A Lullaby of Deception - Truth in Advertising (2024)

UPDATE 12/9/22: Relaxium has settled a class-action lawsuit that cited this blog post and that alleged the company misleadingly markets its supplement as a “clinically proven” sleep aid. The terms of the settlement weren’t disclosed. Our original blog follows.

I thought if I could just get an hour of sleep I could ride that hour until it was time to leave the hospital. Then Mike Huckabee appeared on my TV screen.

“Like many of you, I’ve struggled to get a good night’s sleep for most of my adult life. I wasted at least two hours a day of my life tossing and turning, trying to shut my mind down. Until about two years ago – that’s when I saw an ad on TV for Relaxium Sleep. I decided to order it and it literally changed my life.”

My life had just been changed dramatically as the reason I was in the hospital was for the birth of my first child, who arrived the previous night. Now, as mom and baby rested, I was enduring my own sort of labor trying to mentally note all the questionable claims in this supplement ad.

Huckabee, who already holds a spot on TINA.org’s Wall of Shame for his role in multiple deceptive marketing campaigns, goes on to say that Relaxium is “clinically proven to help you fall asleep, stay asleep and wake up refreshed.” But I located the supporting study in the “research” section of the Try Relaxium website, which doubles down on the “clinically proven” claims and where consumers are told to go to get their “risk-free” bottle, and it contains this bombshell: The study acknowledges that subjects who took Relaxium “reported more difficulty getting to sleep and a lower quality of sleep” than those who were given the placebo.

But wait, there’s more.

  • A Fitbit Inspire was used to assess sleep quality and sleep duration and the results “did not show any differences between treatments for time in bed, time asleep, time awake, light sleep, deep sleep and rapid eye movement (REM) sleep,” the study states.
  • While the study was conducted from July 2019 to January 2020, it only tracked subjects’ sleeping habits for two weeks after a one-week placebo lead-in period. Combined, that is less than the amount of time you get to test out the product under the advertised “30-day trial,” though the actual amount of time you get to try the product is 17 days (more on this to come).
  • The study notes that, “Insufficient rest or sleep is a prevalent problem for adults, with more than 50 million suffering from chronic sleep and wakefulness disorders…” Yet only 38 subjects with insomnia, the majority of them white and female, enrolled in the study. “Sample size” is given as a study limitation, along with technical difficulties with wrist actigraphy (aka the Fitbit monitoring) and compliance with completion of diaries and questionnaires that subjects were required to fill out but apparently resisted.
  • Below study limitations, the funding source is identified as the American Behavioral Research Institute, which is Relaxium or, more precisely, the company that manufactures and markets the supplement. Its founder is Eric Ciliberti, the developer of Relaxium. Its CEO is Timea Ciliberti, Eric’s wife.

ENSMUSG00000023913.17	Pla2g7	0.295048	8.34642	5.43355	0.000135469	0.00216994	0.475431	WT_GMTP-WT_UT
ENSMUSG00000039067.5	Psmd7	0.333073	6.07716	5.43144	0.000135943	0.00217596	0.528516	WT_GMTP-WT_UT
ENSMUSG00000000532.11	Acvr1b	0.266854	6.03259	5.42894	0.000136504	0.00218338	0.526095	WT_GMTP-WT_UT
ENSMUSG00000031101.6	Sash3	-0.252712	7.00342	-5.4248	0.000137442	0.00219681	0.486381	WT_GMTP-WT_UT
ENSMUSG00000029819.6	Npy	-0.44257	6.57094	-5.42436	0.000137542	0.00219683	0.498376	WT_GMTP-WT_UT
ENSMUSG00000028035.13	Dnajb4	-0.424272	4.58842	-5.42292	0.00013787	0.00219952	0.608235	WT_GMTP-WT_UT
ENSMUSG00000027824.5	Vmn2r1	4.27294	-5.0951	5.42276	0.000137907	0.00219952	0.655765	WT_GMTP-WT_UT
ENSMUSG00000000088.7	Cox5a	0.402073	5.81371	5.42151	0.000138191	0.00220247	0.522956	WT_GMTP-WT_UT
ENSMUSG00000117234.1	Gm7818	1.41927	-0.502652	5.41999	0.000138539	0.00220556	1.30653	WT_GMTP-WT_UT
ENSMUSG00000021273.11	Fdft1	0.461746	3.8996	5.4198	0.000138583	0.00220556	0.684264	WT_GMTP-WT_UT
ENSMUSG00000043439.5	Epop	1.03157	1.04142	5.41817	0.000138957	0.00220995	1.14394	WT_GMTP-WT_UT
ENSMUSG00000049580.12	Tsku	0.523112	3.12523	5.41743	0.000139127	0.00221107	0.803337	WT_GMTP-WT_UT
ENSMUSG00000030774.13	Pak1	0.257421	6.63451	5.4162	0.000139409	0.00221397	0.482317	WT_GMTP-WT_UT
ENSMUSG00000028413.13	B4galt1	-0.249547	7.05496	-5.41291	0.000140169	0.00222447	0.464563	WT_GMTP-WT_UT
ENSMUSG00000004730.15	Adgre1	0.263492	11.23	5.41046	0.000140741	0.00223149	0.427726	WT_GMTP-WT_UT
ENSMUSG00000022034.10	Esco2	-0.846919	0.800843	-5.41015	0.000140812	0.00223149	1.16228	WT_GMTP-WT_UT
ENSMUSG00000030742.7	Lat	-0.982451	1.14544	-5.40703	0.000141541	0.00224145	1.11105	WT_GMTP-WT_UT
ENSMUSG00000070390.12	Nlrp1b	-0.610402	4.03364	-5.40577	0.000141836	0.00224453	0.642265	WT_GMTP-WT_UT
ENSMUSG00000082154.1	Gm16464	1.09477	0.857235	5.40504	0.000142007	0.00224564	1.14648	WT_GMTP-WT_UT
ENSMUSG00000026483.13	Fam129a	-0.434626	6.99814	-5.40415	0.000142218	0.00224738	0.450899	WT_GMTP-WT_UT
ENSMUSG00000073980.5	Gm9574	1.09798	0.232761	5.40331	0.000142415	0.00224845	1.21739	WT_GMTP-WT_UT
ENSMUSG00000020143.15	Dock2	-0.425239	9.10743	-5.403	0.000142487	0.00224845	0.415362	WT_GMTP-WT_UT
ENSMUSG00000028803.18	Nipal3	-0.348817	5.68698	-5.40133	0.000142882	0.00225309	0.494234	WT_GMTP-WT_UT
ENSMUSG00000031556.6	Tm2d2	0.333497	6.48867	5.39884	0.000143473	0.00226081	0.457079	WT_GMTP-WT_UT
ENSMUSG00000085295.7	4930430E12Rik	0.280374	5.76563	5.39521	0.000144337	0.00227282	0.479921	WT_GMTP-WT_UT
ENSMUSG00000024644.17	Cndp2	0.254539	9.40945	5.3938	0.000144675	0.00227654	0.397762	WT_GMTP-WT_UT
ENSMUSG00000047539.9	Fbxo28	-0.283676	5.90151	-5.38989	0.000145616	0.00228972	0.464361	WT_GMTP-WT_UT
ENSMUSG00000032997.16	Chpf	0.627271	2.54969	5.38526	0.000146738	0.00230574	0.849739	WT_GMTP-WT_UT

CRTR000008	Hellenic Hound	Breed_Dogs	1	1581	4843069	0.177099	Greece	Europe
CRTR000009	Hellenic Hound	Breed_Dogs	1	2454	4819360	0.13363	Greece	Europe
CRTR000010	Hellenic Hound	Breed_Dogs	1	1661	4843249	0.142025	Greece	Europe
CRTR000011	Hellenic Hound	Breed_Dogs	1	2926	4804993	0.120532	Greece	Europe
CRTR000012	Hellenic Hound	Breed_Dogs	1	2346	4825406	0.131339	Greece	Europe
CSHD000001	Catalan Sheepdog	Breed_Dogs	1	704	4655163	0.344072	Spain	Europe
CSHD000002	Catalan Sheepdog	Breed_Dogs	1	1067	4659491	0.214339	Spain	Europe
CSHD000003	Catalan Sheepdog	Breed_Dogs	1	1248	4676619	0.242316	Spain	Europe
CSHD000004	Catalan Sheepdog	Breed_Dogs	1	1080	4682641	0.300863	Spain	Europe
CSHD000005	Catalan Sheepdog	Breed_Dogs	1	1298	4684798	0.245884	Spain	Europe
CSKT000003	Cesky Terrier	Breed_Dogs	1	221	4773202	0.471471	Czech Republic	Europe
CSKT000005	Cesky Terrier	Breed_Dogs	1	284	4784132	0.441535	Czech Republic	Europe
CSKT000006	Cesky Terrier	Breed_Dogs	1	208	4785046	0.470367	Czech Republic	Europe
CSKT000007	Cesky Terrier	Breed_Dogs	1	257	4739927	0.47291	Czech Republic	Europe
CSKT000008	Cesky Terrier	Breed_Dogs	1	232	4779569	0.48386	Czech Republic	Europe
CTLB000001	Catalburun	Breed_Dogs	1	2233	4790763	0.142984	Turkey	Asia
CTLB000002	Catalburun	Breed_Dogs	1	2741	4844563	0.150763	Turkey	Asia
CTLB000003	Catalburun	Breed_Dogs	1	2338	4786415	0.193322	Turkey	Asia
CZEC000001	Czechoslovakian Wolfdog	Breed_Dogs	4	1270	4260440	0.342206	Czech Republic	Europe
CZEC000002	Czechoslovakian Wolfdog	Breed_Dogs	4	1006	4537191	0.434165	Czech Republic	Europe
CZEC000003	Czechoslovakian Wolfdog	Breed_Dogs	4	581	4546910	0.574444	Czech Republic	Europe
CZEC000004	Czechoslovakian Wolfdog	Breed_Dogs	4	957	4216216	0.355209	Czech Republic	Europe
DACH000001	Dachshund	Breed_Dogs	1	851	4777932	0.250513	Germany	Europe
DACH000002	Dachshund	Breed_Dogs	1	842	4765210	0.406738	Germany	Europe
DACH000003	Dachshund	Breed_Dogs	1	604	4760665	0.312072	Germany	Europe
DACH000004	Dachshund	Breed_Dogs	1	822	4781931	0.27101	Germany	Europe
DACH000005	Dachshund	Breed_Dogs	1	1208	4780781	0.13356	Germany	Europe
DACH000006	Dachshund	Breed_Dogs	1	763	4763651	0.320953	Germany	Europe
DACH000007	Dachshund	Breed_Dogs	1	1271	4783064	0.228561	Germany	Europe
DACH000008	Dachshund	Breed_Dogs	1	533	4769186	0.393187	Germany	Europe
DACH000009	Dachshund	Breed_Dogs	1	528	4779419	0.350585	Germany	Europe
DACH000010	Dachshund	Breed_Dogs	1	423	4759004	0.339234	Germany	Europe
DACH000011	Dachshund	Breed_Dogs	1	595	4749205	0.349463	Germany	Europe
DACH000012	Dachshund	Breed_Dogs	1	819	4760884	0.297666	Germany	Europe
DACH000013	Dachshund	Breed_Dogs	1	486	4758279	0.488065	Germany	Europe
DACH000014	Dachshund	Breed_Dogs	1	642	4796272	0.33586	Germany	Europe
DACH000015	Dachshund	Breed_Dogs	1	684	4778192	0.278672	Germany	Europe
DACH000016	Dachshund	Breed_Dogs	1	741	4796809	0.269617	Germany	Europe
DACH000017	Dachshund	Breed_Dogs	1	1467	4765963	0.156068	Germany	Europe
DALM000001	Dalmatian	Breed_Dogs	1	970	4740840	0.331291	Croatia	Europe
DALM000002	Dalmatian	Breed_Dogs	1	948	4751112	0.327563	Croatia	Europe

The study describes Relaxium as a “novel formulation of various herbs and known sleep inducers … Key ingredients include melatonin, L-tryptophan, gamma-aminobutyric acid (GABA) and several herbal extracts (e.g., Sensoril, Ashwagandha, Valerest, a blend of hops and valerian and Chamomile Passionflower).” According to the Mayo Clinic, “Research suggests that melatonin might slightly reduce the time it takes to fall asleep, but its effects on sleep quality and total sleep time aren’t clear.”

In response to a request for comment regarding the marketing of Relaxium as “clinically proven,” Timea Ciliberti told me in an email:

I can assure you the Relaxium Sleep study was done using the highest level of compliance with appropriate number of subjects commonly used for nutraceutical clinical trials in a double blind environment. All subjects with incomplete questioners were excluded from the study.

In the ad, Huckabee also says Relaxium “comes with a 100% Money Back Guarantee so you have nothing to lose. In fact, they’re so confident it’ll work for you they’re giving away a thousand bottles today.” But you actually have quite a bit to lose. According to fine print at the very bottom of the Try Relaxium website:

If you love the countless benefits of deep interrupted sleep you are getting from Relaxium Sleep and you would like to continue enjoying it, you don’t have to do anything. We will conveniently bill your credit card the deeply discounted rate of $119.90 seventeen days from today for your two months’ supply we are including in your first package.

That’s 17 days from your order of a 30-day trial bottle. So the bottle will barely be half empty (this is not a half-full situation) and you’ll get charged over $100 for more product you may not want. And the charges continue every two months according to the fine print. Numerous consumers have complained to the BBB about unauthorized charges after signing up for the trial bottle.

A Lullaby of Deception - Truth in Advertising (2024)
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